If the setup allows to measure both lightning (radiation in expected spectra/intensity) and thunder (heat difference), no calorimetry is needed, at least I would accept such a result if it can be repeated several times including swaps of cores and radiation meters.

    • the problem with Ed’s Seebeck is that if the power is more than a watt or few it can’t handle it. A white hot e-cat would vapourize the calorimeter.

      • of course the design should be adapted, maybe just scaled, to expected power and to temperature.
        JP Biberian have similar problem to adapt his flow calorimeter to above 1000C.

        the idea is simple, but the making is the key.

  • Warthog

    Good luck. Sourcing small lots of “odd” stuff IS quite difficult. Once upon a time, there was “Small Parts, Inc.”, at which a researcher could by tiny lots of a gigantic variety of “odd” but research-useful items. I used it for years and years. And then it was bought out by Amazon, who applied the “beancounter 80/20 rule”, and dropped the stuff that only sold slowly. And thereby destroyed the real usefulness of SPI. Things I had been able to get with no problem were no longer available.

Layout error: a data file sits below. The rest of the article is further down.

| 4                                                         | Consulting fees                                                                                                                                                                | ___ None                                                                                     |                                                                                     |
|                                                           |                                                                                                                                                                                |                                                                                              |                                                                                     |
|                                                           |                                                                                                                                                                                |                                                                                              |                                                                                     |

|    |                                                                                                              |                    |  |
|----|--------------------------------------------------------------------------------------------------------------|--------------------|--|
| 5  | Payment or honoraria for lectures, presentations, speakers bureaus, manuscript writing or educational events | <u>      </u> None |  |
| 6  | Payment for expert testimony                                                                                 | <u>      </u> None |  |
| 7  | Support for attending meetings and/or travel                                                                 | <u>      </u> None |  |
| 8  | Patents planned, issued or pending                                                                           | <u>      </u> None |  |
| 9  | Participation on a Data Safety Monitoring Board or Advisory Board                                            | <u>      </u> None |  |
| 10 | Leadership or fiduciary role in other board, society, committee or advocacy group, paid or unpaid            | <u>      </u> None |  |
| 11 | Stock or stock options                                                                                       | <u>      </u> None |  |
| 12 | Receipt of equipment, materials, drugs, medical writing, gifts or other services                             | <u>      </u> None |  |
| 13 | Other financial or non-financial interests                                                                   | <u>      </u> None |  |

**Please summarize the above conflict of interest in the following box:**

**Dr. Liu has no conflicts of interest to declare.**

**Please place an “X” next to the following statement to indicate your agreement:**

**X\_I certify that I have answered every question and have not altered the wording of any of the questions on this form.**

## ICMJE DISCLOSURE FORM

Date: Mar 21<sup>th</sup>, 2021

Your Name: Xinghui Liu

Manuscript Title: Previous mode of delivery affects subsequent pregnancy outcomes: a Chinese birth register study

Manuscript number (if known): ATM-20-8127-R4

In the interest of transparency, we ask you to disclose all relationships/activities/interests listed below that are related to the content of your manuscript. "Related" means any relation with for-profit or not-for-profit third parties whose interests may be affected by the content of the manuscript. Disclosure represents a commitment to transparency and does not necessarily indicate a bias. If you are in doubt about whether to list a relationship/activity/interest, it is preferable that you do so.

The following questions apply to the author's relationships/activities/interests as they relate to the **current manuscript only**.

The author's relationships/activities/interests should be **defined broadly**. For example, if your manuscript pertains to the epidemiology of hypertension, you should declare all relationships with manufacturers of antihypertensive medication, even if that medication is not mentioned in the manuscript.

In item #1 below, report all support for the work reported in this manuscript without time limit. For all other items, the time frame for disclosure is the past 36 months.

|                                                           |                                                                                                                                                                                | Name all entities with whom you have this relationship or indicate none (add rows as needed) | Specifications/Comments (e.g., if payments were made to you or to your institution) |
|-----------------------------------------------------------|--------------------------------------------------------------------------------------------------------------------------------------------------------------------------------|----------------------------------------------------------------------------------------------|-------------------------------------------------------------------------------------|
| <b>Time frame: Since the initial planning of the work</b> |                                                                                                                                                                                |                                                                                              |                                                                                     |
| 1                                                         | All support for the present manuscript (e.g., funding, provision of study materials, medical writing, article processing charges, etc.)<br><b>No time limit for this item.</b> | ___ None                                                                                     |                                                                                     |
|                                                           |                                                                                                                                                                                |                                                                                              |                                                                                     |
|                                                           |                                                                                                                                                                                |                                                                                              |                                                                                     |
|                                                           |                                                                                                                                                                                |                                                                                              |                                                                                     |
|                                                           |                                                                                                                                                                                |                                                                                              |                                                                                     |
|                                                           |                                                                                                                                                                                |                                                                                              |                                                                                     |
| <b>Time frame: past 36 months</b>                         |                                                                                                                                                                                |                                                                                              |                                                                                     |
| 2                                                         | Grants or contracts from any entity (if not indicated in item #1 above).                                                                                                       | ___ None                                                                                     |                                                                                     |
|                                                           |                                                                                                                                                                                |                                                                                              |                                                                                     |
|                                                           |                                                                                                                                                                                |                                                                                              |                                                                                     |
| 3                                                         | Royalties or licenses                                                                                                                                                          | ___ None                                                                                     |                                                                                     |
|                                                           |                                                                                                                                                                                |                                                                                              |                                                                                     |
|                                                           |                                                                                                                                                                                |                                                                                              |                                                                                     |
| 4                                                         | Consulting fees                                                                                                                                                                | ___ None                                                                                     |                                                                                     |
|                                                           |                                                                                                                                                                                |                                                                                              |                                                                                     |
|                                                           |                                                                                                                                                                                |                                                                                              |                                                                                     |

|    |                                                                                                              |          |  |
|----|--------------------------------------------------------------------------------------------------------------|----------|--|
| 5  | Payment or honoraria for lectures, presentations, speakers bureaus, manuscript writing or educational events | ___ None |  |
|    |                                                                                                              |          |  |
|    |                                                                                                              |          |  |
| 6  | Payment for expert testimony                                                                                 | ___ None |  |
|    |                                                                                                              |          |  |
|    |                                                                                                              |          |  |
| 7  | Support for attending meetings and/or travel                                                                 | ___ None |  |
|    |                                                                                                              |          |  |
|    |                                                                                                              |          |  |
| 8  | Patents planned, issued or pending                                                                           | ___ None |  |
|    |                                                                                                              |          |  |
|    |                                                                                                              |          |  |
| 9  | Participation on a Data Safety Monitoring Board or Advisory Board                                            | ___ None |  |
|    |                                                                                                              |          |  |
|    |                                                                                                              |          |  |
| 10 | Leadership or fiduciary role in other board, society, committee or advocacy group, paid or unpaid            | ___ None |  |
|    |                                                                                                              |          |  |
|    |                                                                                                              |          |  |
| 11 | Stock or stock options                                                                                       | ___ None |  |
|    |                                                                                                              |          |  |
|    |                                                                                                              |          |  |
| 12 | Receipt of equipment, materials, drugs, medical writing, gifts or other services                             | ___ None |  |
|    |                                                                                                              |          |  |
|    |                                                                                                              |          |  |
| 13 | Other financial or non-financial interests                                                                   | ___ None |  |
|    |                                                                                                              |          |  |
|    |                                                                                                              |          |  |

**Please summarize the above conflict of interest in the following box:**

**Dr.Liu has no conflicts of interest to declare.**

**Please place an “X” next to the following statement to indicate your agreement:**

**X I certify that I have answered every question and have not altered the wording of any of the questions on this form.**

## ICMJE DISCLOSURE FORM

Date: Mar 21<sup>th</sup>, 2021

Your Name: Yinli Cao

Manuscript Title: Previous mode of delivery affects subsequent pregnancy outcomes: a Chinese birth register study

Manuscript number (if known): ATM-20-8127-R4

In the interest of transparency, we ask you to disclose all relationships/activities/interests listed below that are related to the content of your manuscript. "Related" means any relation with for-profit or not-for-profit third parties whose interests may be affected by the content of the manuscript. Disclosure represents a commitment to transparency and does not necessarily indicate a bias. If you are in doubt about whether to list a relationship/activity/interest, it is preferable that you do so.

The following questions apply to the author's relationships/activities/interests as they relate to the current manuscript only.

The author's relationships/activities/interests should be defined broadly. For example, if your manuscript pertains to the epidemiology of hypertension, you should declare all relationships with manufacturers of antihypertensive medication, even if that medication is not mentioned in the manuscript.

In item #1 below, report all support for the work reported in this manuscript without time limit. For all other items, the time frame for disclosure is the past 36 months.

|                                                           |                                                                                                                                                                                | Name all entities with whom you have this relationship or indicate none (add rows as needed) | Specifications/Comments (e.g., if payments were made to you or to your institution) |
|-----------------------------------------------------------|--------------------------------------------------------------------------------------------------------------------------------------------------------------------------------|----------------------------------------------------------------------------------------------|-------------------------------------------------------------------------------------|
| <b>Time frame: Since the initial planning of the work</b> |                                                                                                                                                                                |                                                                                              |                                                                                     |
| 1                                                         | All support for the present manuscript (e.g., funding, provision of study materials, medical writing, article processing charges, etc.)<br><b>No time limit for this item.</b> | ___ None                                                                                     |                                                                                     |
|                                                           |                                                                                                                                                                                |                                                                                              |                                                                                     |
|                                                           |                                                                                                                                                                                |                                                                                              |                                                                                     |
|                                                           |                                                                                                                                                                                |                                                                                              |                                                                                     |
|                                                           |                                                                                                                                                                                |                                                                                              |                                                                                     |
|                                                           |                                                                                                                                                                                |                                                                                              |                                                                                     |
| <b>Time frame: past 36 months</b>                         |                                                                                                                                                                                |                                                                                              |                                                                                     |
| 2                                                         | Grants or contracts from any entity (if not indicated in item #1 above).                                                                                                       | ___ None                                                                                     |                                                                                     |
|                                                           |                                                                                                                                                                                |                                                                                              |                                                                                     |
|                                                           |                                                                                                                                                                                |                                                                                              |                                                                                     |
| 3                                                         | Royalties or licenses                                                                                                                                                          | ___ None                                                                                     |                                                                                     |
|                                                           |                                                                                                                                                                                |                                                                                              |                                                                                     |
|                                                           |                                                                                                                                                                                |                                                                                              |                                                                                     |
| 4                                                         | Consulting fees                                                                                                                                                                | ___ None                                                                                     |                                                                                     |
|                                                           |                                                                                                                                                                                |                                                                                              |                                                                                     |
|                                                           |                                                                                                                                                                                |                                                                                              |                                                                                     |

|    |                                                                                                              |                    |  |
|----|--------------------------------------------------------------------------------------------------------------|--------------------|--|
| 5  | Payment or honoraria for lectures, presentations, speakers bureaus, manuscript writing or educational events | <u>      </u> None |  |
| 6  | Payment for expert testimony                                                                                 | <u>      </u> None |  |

FORTUNATELY, many of the “big lot” houses have gotten into “web sales”, where one “can” often buy small lots of odd stuff, but still not the “one-stop-shop” that SPI had been.

    • Alan Smith

      Too true -and too sad. In London’s Tottenham Court Road there used to be a ‘Proops Brother’s’ shop where you could buy almost anything as long as it was unusual. Surgical instruments, periscope lenses, radio valves – it was a veritable treasure house. Proops is still ‘on-line’ – but now the stock is much more mundane and IMHO poorer for it.

  • Mats002

    I presume this setup allows for measure both lightning (radiation in expected spectra/intensity) and thunder (heat difference), no calorimetry is needed, at least I would accept such a result if it can be repeated several times including swaps of cores and radiation meters.

    • Alan Smith

      Hi Mats. Sorry for such a slow reply – we are working on ‘tried and tested’ fuel cores to sell alongside our kits. Have had successes, but too patchy as yet. We currently testing the old Focardi/Rossi Nickel pretreatment system. No delivery date as yet – but you ask about the price? Can’t say exactly, but for ‘the impossible’ it will be very reasonable.

  • Simon Derricutt

    Nice shop Alan! It’s worth noting that Abd Lomax did kits for Pd:D codeposition a while back and may have sources that may be useful. His website did not inspire confidence, but was workable. The lab-supply companies charge silly numbers for individuals (maybe also for bigger customers) so your prices are very welcome.

  • Alan Smith

    Thanks Simon. Slow reply, I have been buried in the workshop and writing documentation in between. Thanks for the tip. As for the big lab-supply companies, thieving beggars!